However, Lappin says that counterterrorism agencies are better utilizing the technological innovations emanating from the private sector, as computer scientists and programmers "are taking their first steps in developing applications that are specifically designed to trawl the Internet and mark out the centers of the virtual caliphate."
Should these applications – which the book discusses in great detail - prove successful, counter-terrorists will find themselves armed with new technologies.
Furthermore, as experts in the book note, the counter-terrorism efforts need not be solely confined to defensive measures, as the Internet can be used to "disseminate rhetoric that counters the jihadi message." One expert suggests a "counter-propaganda campaign" on the web in order to get users – particularly those who are at the early stages of radicalization – to "hear a different message."
In fact, the book states that this "counterassault" by moderate Muslim clerics against their extremist rivals is already underway.
Despite the extremists' unimaginable success in using cyberspace to further their goal (one counter-terrorism is quoted as saying that "without the net there would be no global jihad"), Lappin proposes that a combination of technology and international cooperation - coupled with the introduction of legal frameworks that would give security agencies added leeway - could seriously undermine the virtual caliphate, and with it "most of (global jihad's) ability to function at all."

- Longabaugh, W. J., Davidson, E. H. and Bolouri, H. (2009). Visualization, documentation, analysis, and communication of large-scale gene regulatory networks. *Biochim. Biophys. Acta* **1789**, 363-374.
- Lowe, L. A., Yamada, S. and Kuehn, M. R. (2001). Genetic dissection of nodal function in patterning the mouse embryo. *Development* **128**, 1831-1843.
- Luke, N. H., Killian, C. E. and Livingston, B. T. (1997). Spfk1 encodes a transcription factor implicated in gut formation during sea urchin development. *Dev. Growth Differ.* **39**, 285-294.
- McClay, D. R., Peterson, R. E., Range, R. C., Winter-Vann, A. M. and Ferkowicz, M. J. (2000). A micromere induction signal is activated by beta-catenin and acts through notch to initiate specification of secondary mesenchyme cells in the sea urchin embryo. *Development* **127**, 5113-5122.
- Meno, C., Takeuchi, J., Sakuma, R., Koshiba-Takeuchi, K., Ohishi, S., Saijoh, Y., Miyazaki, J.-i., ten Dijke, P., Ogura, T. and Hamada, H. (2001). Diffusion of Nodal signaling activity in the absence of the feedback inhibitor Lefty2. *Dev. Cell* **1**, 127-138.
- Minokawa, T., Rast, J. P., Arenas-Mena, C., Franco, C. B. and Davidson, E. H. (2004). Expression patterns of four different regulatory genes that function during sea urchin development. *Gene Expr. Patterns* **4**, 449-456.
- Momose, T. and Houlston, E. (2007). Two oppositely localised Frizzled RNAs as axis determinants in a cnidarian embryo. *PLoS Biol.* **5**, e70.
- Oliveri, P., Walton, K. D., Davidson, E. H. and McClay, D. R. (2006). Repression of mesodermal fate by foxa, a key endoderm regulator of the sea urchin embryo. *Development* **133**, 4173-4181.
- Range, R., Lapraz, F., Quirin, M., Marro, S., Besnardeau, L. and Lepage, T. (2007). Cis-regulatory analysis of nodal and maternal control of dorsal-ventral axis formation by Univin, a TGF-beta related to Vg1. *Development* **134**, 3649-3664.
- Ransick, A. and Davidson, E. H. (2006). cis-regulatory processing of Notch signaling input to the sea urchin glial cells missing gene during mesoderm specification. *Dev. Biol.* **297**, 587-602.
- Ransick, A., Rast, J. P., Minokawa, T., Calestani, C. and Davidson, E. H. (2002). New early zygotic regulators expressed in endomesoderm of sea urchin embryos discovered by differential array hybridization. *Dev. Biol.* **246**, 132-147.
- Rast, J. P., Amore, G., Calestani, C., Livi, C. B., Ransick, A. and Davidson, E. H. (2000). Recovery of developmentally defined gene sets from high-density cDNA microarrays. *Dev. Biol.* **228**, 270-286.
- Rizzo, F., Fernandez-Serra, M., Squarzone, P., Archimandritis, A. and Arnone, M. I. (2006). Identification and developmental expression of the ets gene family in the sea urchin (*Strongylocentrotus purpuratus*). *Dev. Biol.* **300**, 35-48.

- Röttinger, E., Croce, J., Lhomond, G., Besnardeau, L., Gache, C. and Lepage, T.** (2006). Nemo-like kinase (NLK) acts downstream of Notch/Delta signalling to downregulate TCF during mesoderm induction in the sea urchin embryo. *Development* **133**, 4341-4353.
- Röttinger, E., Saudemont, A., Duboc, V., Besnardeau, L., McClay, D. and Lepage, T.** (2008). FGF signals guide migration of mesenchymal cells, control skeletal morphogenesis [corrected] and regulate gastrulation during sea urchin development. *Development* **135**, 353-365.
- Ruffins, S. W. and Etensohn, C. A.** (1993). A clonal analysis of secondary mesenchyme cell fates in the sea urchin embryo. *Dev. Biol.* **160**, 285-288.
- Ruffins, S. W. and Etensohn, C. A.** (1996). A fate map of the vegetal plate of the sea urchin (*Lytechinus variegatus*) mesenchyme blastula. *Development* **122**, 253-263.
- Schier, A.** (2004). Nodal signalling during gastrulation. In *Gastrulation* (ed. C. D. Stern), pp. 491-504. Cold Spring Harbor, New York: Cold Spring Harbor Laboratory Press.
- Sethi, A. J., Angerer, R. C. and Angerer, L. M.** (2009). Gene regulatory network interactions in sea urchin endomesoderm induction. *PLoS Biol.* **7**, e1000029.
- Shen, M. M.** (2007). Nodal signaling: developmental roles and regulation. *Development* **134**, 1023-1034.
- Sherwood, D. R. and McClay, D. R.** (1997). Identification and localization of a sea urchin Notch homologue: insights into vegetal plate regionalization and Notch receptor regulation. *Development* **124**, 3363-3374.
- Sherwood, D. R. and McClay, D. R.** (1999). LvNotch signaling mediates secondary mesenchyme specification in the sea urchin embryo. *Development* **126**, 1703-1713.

But for now, new jihadi websites are popping up to replace the defunct ones, and fanatic religious leaders are continuing to relay the virtual caliphate's message online.
In the aftermath of the tumultuous post-9/11 era, it appears that some sections of moderate societies are under the impression that extremists will not be able to pull off another attack of the same magnitude. But the book tells us that as far as global jihadis are concerned, the worst is yet to come, as some websites provide justifications for the use of non-conventional terrorism.